Here is a first glimpse into what I've been up to lately: heading a new multi-author series where each author contributes a thriller, and—get this!—weaves in scenes with guest characters penned by the other authors in the team.
The principal characters in the series are all high-tech crime fighters, even if they are amateur sleuths. They are connected to several plots in this series, lending their state-of-the-art skills to solve several of the mysteries.
The authors are a team, and so are their characters!
With this in mind, I wrote several brand new dialogs for my thriller, Virtually Lace. This book will be taken out of the Ash Suspense Thrillers series and become volume 1 of the new series, High Tech Crime Fighters. I will also redesign the cover and create covers for all the new volumes in the multi-author series. The image below gives you a hint of the new design, it is on the drafting board as we speak!
My guest character is Michael Foreman, penned by Robert I. Katz in his upcoming new thriller, Virtually Undead.
Michael Foreman is 6'2" tall and thin, with long ‘surgeon's fingers.’ He's an excellent pianist, particularly classical, though he has a secret passion for boogie-woogie. He never played sports in school and doesn't appear physically formidable, aside from his height, but he has excellent eye/hand coordination and is more athletic than he looks. His parents are archaeologists, and often, when he was a child, dumped him either with his aunt's family or his grandparents as they went off on digs. He is somewhat emotionally repressed.
Here is one of his dialogs with my character Michael Morse(narrated by my wonderful voice artist, Don Warrick):
A sense of loneliness swept through him, perhaps because of the chill. When his cellphone started buzzing, he jumped at the opportunity to talk to someone, anyone, even if it was some wrong number. It wasn’t. It was Dr. Michael Forman, whose call the other day had been left unanswered. Why on earth would this successful man, who had such an illustrious education, be looking for a high school dropout like him?
“Michael Morse?” said the doctor. His voice was raspy. Tired, too, perhaps because of spending long hours at the ER, or because of the mixed blessing of saving some of his patients, losing others.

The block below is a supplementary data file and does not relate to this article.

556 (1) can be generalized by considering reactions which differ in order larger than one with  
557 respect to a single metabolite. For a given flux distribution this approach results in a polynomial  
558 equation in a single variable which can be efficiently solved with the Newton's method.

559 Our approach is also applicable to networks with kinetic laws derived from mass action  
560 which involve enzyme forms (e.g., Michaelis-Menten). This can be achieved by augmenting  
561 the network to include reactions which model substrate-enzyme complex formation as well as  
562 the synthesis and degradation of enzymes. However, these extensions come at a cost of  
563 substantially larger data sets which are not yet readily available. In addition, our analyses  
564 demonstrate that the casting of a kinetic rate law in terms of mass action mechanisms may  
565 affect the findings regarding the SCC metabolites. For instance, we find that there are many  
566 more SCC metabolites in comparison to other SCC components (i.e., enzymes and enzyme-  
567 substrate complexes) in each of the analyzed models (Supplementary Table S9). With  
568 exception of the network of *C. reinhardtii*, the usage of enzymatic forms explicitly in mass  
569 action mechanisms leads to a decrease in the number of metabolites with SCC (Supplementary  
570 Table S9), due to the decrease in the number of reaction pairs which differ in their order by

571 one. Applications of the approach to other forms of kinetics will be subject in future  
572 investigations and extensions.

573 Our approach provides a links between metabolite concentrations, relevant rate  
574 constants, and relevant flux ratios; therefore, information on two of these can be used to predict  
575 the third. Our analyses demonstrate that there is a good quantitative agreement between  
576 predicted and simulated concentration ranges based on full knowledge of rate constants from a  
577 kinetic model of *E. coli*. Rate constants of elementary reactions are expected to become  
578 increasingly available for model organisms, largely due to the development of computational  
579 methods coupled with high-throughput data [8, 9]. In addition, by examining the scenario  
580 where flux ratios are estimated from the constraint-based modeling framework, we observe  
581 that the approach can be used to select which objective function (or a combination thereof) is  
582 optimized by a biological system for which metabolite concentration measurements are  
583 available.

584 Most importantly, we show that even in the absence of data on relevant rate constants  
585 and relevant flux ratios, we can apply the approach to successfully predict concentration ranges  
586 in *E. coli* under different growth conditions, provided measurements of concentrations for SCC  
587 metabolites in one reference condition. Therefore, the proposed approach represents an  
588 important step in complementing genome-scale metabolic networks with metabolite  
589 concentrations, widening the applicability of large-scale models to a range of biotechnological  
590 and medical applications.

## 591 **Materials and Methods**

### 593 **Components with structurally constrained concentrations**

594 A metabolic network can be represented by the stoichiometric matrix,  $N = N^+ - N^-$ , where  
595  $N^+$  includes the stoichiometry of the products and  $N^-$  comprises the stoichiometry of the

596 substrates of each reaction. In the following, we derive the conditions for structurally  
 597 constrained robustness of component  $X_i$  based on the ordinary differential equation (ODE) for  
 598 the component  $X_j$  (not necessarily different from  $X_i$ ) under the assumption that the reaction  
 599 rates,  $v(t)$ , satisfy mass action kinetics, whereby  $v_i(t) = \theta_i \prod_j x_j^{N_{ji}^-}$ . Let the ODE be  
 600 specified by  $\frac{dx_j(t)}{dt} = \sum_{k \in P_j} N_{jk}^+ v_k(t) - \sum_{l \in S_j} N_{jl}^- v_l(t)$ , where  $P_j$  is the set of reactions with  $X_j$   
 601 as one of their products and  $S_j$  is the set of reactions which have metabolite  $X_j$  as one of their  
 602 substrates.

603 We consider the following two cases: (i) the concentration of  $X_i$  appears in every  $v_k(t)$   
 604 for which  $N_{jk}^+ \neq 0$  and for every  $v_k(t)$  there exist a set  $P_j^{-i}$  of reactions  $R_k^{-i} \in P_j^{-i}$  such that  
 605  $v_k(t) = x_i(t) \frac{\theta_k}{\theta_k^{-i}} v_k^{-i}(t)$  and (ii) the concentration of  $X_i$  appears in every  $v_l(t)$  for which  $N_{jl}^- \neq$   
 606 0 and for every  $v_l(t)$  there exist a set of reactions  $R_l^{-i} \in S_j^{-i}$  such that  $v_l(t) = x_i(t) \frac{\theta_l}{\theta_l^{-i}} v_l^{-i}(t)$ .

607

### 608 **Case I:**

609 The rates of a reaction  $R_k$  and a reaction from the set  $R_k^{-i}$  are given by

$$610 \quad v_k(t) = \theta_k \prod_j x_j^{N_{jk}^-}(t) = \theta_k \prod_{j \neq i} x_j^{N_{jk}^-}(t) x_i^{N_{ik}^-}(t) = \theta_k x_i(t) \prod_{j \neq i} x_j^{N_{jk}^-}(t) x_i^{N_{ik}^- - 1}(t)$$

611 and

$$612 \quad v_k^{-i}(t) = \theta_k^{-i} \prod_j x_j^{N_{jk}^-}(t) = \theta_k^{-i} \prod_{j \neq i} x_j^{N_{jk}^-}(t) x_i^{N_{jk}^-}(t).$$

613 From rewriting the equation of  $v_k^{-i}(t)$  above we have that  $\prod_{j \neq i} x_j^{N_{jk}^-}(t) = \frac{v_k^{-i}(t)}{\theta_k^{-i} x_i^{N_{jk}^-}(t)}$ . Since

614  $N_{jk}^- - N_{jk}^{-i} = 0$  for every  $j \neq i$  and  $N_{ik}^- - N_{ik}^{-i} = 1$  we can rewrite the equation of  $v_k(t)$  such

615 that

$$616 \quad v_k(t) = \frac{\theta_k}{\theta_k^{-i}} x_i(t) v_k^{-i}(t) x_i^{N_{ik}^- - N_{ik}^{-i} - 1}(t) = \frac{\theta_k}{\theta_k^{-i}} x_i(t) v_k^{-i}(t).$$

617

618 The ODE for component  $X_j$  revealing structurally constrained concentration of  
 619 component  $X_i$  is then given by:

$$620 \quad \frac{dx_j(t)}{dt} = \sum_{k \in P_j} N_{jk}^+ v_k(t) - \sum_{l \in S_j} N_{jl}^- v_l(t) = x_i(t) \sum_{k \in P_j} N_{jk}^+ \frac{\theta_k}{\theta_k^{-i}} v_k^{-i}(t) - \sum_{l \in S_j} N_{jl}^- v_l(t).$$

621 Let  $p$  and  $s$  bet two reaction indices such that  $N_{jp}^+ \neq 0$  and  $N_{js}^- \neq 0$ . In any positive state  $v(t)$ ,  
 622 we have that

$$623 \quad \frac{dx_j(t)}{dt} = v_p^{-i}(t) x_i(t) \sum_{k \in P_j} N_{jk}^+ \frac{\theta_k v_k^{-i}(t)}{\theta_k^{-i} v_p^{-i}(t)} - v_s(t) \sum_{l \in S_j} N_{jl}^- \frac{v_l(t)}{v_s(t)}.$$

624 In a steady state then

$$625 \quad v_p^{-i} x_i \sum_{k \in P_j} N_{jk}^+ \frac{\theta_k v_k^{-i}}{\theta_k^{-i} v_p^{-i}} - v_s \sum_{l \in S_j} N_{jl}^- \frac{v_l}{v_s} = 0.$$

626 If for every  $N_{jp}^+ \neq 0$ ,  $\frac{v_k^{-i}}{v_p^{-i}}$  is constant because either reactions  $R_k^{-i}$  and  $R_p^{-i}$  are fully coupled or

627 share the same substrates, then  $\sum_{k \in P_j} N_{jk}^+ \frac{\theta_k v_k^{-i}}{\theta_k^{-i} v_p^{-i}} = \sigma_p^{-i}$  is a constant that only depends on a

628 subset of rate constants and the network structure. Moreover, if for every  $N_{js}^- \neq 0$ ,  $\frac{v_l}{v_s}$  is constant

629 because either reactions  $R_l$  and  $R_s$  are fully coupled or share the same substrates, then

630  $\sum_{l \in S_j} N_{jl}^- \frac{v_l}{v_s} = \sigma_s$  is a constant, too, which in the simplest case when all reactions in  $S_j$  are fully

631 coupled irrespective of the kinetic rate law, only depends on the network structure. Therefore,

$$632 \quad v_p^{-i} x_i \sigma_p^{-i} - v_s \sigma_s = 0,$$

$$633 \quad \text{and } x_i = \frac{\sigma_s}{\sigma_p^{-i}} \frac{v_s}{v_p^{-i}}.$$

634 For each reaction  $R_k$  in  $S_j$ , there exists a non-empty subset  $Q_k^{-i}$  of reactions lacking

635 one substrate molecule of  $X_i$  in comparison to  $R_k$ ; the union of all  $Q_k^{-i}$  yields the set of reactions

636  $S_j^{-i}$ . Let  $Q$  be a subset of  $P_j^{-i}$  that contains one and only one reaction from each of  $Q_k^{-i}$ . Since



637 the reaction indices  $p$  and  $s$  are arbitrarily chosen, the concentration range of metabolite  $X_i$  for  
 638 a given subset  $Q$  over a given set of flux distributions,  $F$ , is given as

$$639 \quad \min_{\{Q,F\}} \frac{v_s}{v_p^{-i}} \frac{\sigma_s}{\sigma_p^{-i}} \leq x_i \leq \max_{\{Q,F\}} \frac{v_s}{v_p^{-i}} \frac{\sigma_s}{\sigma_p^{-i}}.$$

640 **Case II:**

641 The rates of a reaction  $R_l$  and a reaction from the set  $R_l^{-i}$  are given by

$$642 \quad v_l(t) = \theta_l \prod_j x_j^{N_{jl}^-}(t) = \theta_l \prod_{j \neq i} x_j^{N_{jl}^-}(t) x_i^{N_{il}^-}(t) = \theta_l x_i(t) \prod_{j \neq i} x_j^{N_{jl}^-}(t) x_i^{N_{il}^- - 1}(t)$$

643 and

“Yes, that’s me.”
“I’ve been trying to get in touch with you for some time now. Let me introduce myself—”
“I know who you are,” Michael blurted out.
At the other end, the man gasped. “You do?”
Michael recalled seeing his picture somewhere: a handsome fellow, older than him by five years or so, but already weighed down, perhaps by the gravity of his profession, his face pasty as if he rarely saw the light of day. In his eyes was an unmistakable look, the look of being tired, even bored with life, as if he would rather escape the all-too-bright glare of professional success and do something entirely different. Play the drums, maybe.
“Doctor Forman,” said Michael, “a few months ago I read scores of your abstracts, which I found online. Fascinating research. Of course, I’m unqualified to fully understand it.”
“Oh, I’m flattered,” the man said, in a somewhat uneasy manner. There was a repetitive sound at the other end. Perhaps he was drumming over his cellphone with those long surgeon fingers of his.
The conversation came to a halt, so finally, Michael was moved to explain, “At the time, I wanted my girlfriend to get a second opinion from the best brain surgeon out there, but since then—”
“She’s stopped dating you?”
In return Dr. Foreman gave a chuckle, or that’s how it sounded to Michael Morse. So, he felt compelled to clarify. “She’s awakened from her coma—but what caused it in the first place remains a constant source of pain. You see, Ash was raped and severely beaten. Even worse: to this day, she doesn’t know the identity of the attacker.”